A Rumination on Good Friday

Around this time last year, I posted a translation I did of The Dream of the Rood. It’s been on my mind again in recent weeks, partly because it is the time of year that it is, and partly because of some other things going on about which I might comment at some point or another; I am not yet certain. Today, I have some leisure to attend to it, having been given an unexpected day off from my regular job, something for which I am grateful; I rather enjoy writing, however good or otherwise I might be at the task, and the thinking that undergirds it has its charms, so that the opportunity to engage in both is a welcome thing.

From about this time last year…
The Ruthwell Cross by JThomas is licensed under CC-BY-SA 2.0

For many, especially in this part of the world, the day serves as a reminder of sacrifice and the necessary costs of salvation, prepaid for those who, like the dreamer in the poem, are aftercomers “stained with sins, / badly wounded with sins.” (I think I could polish the translation more, but that is another project for another time, one of many that might be imagined.) Much is made of the magnitude of the sacrifice, of the agony that was endured by those crucified in the Roman style, and better theologians and historians than I can speak more eloquently and accurately to the same.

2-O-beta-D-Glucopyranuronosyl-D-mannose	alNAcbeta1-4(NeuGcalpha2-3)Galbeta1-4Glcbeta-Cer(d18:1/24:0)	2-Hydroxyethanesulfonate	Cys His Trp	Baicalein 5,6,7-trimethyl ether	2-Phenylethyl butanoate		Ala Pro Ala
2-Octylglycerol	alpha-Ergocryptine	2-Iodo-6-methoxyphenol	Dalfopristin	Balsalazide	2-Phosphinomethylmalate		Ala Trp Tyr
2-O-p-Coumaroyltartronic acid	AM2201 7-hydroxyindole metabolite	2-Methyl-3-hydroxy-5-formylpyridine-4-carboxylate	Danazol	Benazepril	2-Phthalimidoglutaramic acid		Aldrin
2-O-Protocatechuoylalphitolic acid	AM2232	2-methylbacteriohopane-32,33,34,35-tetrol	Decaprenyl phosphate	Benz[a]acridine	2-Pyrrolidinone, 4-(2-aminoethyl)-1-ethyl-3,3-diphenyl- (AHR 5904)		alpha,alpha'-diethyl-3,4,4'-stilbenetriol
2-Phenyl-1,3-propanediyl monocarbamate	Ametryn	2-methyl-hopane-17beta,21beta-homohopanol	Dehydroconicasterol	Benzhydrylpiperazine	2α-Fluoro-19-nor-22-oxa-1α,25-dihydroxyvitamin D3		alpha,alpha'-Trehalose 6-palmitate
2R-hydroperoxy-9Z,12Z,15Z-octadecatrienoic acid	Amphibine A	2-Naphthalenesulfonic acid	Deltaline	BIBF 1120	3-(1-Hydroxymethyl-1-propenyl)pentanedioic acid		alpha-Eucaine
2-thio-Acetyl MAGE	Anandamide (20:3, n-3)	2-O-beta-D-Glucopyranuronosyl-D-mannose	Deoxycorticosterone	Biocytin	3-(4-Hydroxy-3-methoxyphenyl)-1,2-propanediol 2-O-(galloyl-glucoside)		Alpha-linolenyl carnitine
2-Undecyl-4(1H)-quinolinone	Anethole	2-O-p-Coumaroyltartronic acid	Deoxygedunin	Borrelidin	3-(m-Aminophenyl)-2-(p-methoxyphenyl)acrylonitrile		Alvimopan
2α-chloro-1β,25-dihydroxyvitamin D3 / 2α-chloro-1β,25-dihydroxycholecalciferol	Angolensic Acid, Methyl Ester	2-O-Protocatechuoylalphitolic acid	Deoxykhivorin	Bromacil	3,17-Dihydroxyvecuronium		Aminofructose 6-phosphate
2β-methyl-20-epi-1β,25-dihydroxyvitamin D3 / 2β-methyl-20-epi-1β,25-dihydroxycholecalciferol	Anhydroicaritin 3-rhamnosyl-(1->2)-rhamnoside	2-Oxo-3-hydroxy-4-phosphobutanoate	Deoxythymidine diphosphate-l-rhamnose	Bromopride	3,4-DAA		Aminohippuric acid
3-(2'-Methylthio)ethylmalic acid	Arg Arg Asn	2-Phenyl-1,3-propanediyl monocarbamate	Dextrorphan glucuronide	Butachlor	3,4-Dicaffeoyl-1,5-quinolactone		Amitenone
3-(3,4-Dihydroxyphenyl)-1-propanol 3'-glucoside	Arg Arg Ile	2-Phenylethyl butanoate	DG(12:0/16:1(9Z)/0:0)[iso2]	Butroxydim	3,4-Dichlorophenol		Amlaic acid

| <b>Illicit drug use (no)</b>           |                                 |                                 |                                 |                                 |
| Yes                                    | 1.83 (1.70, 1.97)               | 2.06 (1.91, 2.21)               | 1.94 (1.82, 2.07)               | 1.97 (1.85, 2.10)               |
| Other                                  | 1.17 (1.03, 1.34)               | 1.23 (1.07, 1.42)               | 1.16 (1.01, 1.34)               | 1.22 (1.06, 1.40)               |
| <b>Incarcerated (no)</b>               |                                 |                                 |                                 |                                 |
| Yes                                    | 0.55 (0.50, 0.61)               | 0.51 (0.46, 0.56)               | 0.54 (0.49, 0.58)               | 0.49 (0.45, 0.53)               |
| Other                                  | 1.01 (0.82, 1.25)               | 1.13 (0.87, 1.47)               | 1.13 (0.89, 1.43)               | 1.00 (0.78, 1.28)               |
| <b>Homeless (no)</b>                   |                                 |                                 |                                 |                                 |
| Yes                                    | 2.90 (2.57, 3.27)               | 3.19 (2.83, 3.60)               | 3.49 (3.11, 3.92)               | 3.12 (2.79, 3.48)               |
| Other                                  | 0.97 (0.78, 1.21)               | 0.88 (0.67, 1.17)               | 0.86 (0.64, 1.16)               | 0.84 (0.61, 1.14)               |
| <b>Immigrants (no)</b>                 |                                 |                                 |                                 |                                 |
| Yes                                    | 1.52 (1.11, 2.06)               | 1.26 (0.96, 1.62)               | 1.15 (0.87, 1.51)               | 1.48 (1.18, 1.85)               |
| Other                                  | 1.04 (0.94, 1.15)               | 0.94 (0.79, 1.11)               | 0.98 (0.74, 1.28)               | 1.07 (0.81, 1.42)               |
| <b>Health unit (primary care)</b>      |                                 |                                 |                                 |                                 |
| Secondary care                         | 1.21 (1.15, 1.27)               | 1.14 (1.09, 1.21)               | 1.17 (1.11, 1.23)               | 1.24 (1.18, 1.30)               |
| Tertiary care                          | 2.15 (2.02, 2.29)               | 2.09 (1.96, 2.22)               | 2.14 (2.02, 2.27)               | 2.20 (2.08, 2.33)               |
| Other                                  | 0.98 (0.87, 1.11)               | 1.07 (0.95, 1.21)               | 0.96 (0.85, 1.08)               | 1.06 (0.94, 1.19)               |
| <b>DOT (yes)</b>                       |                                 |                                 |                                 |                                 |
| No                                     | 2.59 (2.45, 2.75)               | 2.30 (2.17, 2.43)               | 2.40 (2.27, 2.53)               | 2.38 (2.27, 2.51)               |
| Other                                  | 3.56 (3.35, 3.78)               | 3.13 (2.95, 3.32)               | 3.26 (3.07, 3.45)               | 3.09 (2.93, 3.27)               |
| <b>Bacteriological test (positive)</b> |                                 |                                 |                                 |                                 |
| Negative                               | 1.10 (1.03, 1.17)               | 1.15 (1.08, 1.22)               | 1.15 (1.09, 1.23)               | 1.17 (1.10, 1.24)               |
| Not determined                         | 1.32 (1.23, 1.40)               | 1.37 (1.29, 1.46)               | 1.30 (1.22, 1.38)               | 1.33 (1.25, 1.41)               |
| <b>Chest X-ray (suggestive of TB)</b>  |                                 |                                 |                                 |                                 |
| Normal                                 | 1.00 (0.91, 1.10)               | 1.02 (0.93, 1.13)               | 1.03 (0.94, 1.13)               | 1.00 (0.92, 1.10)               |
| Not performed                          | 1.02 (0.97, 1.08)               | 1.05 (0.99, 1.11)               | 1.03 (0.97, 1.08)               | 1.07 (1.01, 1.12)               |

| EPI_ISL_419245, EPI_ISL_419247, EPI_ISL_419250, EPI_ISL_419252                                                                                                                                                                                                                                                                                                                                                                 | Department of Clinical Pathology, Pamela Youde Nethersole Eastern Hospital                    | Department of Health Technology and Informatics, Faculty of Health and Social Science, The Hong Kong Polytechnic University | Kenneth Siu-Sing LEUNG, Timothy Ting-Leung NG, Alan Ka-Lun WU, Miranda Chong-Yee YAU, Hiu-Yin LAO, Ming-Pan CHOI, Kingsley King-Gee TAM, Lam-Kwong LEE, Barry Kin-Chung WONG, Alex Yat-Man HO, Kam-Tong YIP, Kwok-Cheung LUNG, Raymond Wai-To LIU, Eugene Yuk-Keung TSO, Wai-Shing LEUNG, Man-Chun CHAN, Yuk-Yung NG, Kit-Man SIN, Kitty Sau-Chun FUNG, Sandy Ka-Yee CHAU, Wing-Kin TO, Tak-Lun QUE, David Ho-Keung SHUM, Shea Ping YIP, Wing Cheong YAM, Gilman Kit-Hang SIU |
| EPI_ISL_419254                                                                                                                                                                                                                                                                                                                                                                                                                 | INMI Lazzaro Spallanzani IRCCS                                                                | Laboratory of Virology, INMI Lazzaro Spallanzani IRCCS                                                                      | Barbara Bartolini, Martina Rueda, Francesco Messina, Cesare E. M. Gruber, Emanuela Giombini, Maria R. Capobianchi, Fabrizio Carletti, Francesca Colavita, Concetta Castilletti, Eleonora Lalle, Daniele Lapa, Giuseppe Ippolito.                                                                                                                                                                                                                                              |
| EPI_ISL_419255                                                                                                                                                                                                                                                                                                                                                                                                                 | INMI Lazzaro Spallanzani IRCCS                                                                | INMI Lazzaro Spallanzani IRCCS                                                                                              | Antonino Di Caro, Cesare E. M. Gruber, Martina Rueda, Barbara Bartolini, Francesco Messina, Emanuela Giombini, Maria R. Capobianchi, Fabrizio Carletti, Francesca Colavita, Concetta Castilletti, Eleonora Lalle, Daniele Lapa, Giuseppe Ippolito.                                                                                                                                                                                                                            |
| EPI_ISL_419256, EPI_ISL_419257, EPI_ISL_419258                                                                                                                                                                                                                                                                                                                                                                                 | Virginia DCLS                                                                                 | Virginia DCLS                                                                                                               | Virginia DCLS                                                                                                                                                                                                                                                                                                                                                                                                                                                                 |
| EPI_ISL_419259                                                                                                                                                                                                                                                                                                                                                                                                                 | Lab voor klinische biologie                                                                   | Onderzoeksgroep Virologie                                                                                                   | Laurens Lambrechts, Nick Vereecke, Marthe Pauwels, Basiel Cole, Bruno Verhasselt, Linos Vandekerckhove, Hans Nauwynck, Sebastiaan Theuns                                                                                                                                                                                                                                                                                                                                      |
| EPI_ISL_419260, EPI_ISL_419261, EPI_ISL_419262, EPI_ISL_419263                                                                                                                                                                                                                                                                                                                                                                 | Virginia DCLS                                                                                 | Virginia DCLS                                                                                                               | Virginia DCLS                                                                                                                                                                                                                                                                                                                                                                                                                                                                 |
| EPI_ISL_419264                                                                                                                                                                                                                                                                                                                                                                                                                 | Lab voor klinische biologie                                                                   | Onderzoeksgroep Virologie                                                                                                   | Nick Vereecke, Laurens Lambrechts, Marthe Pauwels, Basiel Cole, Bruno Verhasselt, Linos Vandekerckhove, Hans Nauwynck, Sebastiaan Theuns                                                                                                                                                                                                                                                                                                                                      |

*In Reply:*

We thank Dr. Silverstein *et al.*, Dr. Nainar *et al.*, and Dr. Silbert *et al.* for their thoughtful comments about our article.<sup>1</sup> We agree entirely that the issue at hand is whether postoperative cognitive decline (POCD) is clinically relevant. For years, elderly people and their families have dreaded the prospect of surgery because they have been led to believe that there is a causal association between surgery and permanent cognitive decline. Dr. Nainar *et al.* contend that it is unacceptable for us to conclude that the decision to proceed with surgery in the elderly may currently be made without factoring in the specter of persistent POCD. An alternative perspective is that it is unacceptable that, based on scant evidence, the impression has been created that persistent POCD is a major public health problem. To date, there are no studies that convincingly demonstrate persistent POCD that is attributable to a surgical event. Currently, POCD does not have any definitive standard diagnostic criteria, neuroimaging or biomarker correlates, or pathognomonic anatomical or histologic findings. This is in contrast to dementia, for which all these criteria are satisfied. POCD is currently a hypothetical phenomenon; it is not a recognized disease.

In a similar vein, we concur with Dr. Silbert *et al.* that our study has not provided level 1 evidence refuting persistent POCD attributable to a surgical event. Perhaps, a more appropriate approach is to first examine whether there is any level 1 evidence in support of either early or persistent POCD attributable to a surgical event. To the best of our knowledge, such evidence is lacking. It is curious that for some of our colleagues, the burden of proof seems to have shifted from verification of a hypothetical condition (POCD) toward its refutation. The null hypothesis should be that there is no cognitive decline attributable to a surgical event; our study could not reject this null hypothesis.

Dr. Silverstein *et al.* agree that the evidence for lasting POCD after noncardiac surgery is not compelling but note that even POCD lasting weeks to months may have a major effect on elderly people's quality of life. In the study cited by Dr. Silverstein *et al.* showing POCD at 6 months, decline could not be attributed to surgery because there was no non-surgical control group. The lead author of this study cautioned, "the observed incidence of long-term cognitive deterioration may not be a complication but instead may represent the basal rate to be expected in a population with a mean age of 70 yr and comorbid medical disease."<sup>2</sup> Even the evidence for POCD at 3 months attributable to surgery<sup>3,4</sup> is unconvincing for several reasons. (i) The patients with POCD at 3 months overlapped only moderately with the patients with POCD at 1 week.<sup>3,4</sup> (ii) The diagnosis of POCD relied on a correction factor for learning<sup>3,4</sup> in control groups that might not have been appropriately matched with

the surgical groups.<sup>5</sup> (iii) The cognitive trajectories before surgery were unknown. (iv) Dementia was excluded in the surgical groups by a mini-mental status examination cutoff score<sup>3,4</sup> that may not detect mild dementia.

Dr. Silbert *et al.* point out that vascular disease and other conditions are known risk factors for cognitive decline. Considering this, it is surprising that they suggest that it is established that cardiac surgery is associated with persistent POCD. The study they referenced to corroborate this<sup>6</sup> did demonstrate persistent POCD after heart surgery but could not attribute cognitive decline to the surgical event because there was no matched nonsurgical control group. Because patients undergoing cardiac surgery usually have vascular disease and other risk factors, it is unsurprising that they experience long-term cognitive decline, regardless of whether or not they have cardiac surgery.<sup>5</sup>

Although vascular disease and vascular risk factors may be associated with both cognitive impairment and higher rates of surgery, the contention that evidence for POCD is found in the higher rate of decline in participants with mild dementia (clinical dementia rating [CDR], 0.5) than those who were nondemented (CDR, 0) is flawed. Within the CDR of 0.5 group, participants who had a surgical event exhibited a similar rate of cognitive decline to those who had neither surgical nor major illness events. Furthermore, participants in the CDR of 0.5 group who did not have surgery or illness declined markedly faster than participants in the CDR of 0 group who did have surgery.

For my own part, as often, I find myself coming up with questions that I expect would be heterodoxies to voice–if not more. Ideas about their answers abound for me, offering other projects that might be undertaken; there is never a shortage of them, although there are shortages of my time and talents to attend to them all. (I would seem to have internalized humilitas to some extent, both sincerely and otherwise.) But if I were to voice one idea, one that might not be so divergent as all that: the story so widely celebrated today, the self-sacrificial sin-taking for others’ redemption, speaks to many to say that there is some hope, and that even amid those who would abuse laws to persecute those whom they perceive as threats to their power, there is some sympathy to be found.

I am not sure, certainly, how far to follow that idea, how far it can be followed. That there are limits to any such thing, I am well aware; indeed, one of the standard questions I pose in the lesson plans I still write is to find the point of failure and interrogate it. But I am no longer at the front of the classroom, so it is not for me to push others to such contemplations. It is for me, however, to conduct them myself, and a solemn observance–even in advance of a joyous occasion–offers opportunity for such things.

I remain grateful for such things.

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